Kids are rough on upholstered furniture.
They put their shoes on the couch, jump on the chairs, pull off the loveseat pillows to make forts, and stash crumbs, pencils, quarters, etc. under the cushions to create a perpetual collection of odds and ends.
We've even found tennis shoes under our cushions.
The good news is that you can keep the furniture nice and clean it yourself when needed.
Here are some key ways to protect your furniture and tackle upholstery cleaning safely.
Protect your upholstered furniture from direct sunlight. Rotate and reverse cushions occasionally so they will fade evenly and receive equal wear.
Monthly upholstery cleaning should include vacuuming the furniture with a soft brush attachment to remove surface dust and dirt before it becomes a ground-in upholstery stain.
No matter how many house rules you have about no eating in the living room, chances are someone will eventually spill juice on your couch. It's just one of those things a Mom can count on. Wipe up spills on upholstery with a clean cloth immediately after they happen. Blot, don't rub!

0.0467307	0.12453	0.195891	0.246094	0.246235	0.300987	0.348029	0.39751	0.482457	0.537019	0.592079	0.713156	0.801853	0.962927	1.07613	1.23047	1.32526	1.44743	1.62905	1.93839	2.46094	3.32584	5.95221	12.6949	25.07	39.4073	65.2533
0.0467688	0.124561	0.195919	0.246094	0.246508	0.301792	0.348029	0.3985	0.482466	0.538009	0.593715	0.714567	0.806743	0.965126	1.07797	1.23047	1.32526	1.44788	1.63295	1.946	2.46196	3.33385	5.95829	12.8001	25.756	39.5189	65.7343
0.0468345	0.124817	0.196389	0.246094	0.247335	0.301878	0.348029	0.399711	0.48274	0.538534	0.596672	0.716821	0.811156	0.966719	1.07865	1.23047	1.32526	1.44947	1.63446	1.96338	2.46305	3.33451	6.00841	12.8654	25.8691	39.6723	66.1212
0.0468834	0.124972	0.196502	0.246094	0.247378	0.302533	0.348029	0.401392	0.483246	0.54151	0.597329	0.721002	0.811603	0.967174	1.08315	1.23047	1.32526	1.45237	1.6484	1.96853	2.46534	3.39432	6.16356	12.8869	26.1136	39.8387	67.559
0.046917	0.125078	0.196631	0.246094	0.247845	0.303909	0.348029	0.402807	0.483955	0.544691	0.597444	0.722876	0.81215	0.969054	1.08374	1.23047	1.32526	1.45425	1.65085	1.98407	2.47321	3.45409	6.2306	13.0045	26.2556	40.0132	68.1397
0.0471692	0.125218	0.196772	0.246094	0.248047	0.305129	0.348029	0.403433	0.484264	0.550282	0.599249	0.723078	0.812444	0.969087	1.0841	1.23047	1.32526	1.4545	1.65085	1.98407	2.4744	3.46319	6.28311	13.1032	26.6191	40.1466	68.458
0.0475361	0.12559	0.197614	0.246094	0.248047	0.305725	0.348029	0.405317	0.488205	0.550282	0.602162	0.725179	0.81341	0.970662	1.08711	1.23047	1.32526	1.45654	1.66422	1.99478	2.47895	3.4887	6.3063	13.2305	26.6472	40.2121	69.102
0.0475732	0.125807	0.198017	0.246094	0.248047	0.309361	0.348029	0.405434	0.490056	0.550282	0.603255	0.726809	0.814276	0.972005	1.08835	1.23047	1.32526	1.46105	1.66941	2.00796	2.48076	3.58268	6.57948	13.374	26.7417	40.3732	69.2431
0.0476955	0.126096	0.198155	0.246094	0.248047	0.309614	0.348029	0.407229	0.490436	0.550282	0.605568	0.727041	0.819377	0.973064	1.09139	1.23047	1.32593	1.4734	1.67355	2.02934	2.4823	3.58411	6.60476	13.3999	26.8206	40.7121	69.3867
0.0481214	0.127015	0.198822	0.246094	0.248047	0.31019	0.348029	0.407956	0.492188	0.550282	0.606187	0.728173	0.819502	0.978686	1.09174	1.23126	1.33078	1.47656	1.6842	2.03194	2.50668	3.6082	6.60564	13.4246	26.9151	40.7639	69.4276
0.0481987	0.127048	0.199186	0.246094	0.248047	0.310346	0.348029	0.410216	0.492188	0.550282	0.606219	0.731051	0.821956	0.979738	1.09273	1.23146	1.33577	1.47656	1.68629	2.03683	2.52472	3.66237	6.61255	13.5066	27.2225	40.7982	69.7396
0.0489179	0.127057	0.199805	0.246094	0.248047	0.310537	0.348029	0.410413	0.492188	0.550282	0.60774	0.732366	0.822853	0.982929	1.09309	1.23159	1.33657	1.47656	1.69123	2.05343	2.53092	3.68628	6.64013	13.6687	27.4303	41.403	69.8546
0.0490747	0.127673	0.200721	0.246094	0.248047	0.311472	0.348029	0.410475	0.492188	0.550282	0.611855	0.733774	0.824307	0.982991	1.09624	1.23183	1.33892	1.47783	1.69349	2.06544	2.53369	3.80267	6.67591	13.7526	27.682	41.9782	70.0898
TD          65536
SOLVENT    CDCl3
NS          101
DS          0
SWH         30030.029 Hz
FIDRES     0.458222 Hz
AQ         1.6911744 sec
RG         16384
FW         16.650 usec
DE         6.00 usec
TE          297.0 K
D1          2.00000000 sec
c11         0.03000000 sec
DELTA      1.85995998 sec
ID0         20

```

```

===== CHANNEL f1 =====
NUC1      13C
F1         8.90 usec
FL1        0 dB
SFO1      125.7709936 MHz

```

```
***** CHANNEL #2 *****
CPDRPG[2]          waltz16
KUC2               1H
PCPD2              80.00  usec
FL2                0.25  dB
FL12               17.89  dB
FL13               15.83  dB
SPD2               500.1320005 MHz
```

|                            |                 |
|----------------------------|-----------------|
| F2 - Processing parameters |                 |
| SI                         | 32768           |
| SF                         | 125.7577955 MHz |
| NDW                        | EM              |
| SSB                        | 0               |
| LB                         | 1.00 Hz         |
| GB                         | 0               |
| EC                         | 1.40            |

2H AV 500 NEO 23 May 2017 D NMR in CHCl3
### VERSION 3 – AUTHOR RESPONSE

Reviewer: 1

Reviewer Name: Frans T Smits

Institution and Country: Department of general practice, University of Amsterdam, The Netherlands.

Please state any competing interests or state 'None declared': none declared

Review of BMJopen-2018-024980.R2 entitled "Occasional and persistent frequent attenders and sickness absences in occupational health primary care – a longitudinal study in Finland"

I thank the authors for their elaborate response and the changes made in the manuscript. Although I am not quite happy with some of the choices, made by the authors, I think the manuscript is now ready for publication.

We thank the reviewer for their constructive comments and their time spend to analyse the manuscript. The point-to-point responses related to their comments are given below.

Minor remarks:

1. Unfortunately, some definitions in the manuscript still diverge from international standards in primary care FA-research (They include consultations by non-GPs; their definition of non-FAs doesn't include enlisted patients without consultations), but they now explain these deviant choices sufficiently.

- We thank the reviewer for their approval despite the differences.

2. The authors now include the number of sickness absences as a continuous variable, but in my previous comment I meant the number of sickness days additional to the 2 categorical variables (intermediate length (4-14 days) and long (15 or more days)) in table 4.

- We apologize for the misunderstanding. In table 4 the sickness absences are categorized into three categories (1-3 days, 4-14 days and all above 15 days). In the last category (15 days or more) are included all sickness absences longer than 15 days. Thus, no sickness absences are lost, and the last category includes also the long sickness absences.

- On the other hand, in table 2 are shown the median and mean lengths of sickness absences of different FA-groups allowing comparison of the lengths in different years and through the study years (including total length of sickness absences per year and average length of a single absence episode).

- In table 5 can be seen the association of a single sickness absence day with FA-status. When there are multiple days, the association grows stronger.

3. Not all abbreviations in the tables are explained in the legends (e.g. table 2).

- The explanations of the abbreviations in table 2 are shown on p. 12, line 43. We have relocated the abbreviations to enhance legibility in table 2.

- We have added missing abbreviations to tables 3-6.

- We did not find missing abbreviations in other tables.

Use the guide to understanding upholstery cleaning codes below to help remove furniture stains and spills safely.
What exactly do those cleaning codes on your couch or sofa cushion mean? They're not exactly self-explanatory.
The letters you'll find are generally W, S, WS, or X. And they're meant to tell you which DIY cleaner or solution to use to clean the fabric without damaging it safely. (And which to avoid.)
This guide will help you decipher the meaning behind the codes.
Use as little foam and water as possible to do the job; you don't want to get the upholstery too wet.
WS = Water-based cleaning agent or solvent. Depending on the stain, fabric cleaning code ws tells you can use a dry-cleaning solvent, the foam of a mild detergent, or upholstery shampoo.
By the way, zippered cushion covers do not mean you can remove the covers for cleaning separately. The zippers are there to provide a tighter fit. If you clean covers separately, they may shrink, tear, or discolor.
It's deceptive, I know. I've bought couches myself on the mistaken notion that I could clean the removable covers.
In addition to the cleaning code, manufacturers use a wearability code to gauge how well a particular fabric will hold up under use.
When you're shopping for furniture, ask the salesperson about the wearability of the various fabrics. Then go for the one that will take the most abuse.
Here's how to break the secret code:
This is what you want in your family room.
Reserve this until your kids are out of the toddler stage.
This is rather delicate fabric that is definitely not kid proof. Use it for entertaining.
Do we need to even discuss this one? If you have a room that's off-limits to kids and pets, buy this fabric.